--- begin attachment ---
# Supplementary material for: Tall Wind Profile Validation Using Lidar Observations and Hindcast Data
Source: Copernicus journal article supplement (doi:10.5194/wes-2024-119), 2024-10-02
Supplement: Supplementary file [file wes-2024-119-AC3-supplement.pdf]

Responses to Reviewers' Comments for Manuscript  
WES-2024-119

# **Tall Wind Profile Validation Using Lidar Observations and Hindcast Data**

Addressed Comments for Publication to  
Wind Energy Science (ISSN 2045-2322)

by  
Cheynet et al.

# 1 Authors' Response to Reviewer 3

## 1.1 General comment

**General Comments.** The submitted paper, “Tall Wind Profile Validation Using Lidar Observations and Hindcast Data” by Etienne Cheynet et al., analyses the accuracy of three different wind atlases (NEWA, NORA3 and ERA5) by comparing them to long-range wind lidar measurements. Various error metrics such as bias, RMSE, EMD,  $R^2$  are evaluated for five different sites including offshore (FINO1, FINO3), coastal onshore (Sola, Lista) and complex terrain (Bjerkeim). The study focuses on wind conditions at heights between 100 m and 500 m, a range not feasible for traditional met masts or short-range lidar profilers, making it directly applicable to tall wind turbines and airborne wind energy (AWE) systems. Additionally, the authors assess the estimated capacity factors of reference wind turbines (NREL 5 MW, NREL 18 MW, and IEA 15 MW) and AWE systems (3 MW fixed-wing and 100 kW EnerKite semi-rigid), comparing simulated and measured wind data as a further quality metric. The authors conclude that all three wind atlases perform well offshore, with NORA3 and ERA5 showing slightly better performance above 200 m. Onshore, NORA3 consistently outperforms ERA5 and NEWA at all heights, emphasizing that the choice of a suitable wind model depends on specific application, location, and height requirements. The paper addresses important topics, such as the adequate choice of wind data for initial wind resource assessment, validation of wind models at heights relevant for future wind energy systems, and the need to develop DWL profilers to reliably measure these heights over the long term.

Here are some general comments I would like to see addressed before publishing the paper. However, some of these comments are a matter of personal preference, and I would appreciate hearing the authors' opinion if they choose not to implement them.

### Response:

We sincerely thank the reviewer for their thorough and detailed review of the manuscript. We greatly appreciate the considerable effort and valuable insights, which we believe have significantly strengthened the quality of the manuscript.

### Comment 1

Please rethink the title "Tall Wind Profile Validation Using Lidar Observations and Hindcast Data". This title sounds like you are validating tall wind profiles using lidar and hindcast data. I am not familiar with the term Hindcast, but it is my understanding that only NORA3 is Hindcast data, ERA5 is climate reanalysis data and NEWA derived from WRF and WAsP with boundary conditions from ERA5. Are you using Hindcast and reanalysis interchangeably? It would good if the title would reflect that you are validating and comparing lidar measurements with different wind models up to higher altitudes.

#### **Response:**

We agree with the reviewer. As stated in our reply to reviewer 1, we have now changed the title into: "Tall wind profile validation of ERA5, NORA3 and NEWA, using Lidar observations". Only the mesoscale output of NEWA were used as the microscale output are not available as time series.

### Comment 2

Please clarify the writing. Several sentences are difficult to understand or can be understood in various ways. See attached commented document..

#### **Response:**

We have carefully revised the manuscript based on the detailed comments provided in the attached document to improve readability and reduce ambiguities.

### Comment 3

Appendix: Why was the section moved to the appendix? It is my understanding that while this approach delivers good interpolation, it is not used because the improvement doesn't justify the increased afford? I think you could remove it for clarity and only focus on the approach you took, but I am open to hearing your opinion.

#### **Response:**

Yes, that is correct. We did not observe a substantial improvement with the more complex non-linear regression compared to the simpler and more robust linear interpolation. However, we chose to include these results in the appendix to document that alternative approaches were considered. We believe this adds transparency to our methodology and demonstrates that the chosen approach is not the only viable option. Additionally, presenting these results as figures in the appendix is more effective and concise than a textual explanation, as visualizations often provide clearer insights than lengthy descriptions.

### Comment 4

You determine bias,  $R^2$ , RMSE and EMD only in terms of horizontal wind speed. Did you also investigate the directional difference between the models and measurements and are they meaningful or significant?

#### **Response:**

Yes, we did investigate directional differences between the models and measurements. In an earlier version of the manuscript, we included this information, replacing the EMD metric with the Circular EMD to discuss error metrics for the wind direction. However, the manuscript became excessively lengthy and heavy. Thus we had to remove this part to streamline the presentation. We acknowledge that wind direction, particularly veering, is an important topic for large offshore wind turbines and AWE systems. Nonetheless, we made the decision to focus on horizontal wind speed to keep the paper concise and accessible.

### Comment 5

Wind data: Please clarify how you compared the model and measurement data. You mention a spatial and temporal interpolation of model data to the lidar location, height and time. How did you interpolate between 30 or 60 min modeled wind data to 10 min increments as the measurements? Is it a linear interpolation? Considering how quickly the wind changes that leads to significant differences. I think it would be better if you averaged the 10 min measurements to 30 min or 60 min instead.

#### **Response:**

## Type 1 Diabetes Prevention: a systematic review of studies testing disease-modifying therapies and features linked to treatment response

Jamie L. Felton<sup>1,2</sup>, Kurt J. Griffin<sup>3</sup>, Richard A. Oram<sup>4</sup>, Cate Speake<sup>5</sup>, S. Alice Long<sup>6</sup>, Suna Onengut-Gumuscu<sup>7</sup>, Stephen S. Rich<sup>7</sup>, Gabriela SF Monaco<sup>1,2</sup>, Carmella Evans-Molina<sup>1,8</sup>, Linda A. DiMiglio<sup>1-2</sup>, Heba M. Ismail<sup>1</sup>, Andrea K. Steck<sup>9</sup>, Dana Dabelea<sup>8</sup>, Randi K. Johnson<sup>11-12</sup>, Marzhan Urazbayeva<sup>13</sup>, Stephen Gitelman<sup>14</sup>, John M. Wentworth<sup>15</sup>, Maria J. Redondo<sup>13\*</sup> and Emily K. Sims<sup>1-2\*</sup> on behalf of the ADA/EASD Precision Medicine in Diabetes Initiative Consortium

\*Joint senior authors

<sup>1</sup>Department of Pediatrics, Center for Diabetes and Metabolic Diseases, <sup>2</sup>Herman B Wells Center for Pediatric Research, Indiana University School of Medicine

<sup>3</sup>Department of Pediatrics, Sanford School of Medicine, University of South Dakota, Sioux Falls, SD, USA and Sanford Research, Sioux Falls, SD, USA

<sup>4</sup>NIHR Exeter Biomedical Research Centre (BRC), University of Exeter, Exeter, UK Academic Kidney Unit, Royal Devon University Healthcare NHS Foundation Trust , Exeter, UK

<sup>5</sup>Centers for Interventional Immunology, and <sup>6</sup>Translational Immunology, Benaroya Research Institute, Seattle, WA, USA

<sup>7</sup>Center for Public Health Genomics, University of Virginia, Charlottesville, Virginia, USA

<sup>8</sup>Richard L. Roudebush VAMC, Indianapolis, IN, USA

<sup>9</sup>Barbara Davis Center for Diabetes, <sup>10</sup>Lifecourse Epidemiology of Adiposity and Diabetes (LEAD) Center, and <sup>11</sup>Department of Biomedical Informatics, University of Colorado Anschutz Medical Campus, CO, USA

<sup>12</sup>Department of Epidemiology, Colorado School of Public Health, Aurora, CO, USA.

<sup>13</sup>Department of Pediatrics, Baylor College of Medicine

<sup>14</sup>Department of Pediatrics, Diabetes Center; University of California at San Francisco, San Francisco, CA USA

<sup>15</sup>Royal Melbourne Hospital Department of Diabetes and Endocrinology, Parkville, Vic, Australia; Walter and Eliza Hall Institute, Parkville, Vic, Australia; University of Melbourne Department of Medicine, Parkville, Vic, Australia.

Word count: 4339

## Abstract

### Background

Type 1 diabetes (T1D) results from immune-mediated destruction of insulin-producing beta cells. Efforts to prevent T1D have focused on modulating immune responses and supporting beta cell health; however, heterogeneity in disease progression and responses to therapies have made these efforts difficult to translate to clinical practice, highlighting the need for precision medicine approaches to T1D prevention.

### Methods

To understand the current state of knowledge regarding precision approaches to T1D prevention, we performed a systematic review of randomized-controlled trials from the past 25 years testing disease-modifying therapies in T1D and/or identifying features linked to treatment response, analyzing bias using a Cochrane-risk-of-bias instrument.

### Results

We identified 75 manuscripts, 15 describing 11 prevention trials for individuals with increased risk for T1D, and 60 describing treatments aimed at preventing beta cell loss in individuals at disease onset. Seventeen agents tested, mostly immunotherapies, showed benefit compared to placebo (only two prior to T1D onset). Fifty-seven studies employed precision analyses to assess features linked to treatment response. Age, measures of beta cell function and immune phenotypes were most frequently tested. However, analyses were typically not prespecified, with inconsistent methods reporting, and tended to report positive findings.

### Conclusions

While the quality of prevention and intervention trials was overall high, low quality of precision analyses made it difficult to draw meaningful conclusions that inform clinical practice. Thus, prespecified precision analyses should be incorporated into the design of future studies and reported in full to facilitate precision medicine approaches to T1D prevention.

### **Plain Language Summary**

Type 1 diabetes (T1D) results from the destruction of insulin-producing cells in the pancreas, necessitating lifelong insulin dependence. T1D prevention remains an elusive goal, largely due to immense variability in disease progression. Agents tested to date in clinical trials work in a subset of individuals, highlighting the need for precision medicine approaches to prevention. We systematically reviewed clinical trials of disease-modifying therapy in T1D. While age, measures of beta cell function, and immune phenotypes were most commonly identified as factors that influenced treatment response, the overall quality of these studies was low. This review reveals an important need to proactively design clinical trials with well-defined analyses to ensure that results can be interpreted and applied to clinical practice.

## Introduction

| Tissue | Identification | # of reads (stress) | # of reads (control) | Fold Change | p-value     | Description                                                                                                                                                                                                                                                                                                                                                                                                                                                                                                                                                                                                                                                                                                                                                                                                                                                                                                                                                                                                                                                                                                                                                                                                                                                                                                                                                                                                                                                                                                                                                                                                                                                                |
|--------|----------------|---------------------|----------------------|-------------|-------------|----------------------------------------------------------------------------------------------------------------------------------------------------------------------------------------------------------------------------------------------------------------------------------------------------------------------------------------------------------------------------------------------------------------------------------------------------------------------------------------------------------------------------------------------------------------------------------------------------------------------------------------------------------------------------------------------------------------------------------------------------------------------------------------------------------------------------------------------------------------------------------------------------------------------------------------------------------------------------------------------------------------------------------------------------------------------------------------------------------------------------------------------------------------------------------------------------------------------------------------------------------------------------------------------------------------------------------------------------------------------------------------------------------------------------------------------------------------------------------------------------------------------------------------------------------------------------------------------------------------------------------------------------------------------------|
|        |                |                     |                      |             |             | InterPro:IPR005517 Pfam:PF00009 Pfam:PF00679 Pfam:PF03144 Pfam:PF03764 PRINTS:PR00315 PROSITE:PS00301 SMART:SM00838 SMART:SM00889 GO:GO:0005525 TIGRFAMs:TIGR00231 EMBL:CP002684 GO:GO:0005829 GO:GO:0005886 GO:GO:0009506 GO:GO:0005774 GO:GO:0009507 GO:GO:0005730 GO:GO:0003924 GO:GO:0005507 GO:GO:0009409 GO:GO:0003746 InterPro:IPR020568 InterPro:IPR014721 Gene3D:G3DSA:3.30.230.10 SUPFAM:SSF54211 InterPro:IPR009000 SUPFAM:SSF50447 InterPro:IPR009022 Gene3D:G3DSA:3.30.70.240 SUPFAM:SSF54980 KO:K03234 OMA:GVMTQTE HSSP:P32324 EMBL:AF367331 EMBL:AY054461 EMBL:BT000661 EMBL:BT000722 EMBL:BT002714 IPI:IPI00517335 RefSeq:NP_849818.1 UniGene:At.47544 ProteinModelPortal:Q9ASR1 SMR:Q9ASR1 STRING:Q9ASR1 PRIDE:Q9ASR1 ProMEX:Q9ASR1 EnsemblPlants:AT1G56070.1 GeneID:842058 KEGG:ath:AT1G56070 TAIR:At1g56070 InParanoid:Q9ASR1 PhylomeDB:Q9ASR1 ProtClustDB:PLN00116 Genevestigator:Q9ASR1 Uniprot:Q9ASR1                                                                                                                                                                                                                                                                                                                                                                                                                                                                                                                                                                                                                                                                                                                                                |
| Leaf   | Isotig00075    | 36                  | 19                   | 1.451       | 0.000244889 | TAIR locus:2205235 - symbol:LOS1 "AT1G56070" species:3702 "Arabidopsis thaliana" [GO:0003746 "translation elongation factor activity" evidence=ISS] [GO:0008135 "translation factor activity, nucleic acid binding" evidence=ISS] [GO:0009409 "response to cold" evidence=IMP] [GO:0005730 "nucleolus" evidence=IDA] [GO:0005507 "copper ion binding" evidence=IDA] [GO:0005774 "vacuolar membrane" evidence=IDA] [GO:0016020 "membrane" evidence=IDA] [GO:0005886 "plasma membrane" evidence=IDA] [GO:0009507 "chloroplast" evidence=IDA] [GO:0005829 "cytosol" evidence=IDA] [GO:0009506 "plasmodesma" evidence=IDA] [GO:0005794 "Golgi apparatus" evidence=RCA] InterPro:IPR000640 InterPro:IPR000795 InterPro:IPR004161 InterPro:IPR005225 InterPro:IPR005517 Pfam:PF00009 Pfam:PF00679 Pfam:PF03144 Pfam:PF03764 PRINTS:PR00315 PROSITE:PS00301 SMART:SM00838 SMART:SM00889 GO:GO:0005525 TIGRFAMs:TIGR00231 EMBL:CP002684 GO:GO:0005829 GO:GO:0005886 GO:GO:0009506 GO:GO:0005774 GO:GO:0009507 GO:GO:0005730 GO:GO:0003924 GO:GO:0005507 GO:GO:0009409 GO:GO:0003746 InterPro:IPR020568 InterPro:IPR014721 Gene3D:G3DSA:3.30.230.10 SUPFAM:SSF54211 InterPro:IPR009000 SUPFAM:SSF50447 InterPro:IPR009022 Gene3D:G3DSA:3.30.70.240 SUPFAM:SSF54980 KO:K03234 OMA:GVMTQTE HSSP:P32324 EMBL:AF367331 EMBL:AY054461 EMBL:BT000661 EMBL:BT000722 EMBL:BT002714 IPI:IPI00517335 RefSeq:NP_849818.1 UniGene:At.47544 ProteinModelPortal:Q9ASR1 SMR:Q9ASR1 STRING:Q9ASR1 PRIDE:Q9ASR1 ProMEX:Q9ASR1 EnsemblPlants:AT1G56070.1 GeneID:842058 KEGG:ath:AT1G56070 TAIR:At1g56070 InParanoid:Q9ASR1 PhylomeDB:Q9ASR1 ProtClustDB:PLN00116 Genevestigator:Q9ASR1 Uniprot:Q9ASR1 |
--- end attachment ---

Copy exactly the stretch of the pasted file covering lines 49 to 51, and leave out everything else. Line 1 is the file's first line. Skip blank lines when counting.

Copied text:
<sup>15</sup>Royal Melbourne Hospital Department of Diabetes and Endocrinology, Parkville, Vic, Australia; Walter and Eliza Hall Institute, Parkville, Vic, Australia; University of Melbourne Department of Medicine, Parkville, Vic, Australia.

Word count: 4339

## Abstract